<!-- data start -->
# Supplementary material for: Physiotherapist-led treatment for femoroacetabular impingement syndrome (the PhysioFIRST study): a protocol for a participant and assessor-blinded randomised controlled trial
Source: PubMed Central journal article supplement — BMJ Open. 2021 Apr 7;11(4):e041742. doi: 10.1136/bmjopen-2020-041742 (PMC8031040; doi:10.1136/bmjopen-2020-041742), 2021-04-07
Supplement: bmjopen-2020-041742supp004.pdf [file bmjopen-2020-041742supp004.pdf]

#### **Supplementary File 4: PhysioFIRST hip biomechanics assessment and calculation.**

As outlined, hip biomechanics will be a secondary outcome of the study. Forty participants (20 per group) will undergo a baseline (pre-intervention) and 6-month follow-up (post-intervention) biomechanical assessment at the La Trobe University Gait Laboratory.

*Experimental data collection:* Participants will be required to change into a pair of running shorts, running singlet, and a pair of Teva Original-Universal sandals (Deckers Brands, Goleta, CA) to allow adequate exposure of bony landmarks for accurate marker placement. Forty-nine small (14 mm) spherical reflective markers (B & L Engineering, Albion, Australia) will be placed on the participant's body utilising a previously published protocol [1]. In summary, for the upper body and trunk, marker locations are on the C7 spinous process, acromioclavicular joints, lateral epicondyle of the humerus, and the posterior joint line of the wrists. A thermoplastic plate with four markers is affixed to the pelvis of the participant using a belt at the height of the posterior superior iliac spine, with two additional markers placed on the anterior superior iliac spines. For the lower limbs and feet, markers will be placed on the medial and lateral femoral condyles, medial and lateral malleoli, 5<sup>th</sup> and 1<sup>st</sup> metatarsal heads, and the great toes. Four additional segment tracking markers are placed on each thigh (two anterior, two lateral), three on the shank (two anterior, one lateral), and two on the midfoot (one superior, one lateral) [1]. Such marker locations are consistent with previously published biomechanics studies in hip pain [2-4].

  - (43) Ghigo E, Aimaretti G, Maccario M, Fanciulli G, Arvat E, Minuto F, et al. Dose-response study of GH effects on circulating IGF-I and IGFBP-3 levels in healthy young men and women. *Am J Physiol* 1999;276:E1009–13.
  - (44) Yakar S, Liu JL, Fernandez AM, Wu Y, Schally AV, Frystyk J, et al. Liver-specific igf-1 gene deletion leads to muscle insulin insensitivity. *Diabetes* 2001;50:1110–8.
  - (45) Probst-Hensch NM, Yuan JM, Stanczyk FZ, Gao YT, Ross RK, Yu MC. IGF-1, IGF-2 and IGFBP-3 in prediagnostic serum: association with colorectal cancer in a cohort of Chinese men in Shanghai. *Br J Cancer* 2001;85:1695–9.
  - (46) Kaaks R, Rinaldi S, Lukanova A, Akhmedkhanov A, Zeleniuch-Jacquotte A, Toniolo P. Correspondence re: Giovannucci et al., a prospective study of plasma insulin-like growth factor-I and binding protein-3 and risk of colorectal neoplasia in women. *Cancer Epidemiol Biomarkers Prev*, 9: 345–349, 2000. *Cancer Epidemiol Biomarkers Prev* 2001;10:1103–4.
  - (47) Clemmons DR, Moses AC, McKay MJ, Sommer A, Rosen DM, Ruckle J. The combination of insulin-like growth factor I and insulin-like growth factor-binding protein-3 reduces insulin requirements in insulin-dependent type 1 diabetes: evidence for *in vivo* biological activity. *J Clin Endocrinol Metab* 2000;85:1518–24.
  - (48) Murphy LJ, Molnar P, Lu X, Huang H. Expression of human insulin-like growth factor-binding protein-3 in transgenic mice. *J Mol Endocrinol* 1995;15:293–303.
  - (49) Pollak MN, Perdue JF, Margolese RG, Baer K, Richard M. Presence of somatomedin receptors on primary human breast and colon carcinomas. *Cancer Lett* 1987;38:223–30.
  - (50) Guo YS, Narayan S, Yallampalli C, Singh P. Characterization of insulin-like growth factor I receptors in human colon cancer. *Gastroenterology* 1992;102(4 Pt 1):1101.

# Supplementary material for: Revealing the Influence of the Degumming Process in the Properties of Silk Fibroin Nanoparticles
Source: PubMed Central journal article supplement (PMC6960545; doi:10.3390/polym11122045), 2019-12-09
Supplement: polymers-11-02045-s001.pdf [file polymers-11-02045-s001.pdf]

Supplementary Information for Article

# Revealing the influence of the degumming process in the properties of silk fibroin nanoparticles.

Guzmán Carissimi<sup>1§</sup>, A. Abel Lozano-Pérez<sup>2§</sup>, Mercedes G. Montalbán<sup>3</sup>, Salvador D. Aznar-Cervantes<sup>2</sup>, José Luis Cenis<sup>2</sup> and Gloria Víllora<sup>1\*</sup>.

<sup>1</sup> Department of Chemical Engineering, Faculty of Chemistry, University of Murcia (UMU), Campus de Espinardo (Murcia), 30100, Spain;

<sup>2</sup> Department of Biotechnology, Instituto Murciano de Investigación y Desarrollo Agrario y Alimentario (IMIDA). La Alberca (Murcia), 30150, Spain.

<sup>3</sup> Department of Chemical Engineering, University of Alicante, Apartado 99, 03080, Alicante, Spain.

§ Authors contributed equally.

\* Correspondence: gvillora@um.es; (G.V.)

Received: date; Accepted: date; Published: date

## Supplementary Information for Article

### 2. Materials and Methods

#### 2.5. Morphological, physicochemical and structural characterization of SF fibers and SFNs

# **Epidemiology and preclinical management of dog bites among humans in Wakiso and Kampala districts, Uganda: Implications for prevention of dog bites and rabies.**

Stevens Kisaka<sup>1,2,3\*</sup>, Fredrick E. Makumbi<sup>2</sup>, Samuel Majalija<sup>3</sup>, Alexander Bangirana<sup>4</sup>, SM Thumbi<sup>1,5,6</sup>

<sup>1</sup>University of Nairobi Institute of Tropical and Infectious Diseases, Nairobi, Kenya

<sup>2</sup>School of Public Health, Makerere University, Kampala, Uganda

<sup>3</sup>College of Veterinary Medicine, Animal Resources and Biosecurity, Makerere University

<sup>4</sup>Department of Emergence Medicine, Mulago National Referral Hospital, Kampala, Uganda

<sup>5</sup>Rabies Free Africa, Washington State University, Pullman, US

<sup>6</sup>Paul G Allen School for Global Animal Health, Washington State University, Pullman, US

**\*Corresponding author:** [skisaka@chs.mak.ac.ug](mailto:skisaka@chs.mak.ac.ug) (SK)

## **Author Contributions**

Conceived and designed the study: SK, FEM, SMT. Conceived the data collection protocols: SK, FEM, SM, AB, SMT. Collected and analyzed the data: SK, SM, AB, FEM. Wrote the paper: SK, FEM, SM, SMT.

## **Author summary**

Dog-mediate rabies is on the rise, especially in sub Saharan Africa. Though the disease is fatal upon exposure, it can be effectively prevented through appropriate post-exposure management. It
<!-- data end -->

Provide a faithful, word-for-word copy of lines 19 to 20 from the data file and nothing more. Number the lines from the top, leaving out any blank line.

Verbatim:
# Revealing the influence of the degumming process in the properties of silk fibroin nanoparticles.

Guzmán Carissimi<sup>1§</sup>, A. Abel Lozano-Pérez<sup>2§</sup>, Mercedes G. Montalbán<sup>3</sup>, Salvador D. Aznar-Cervantes<sup>2</sup>, José Luis Cenis<sup>2</sup> and Gloria Víllora<sup>1\*</sup>.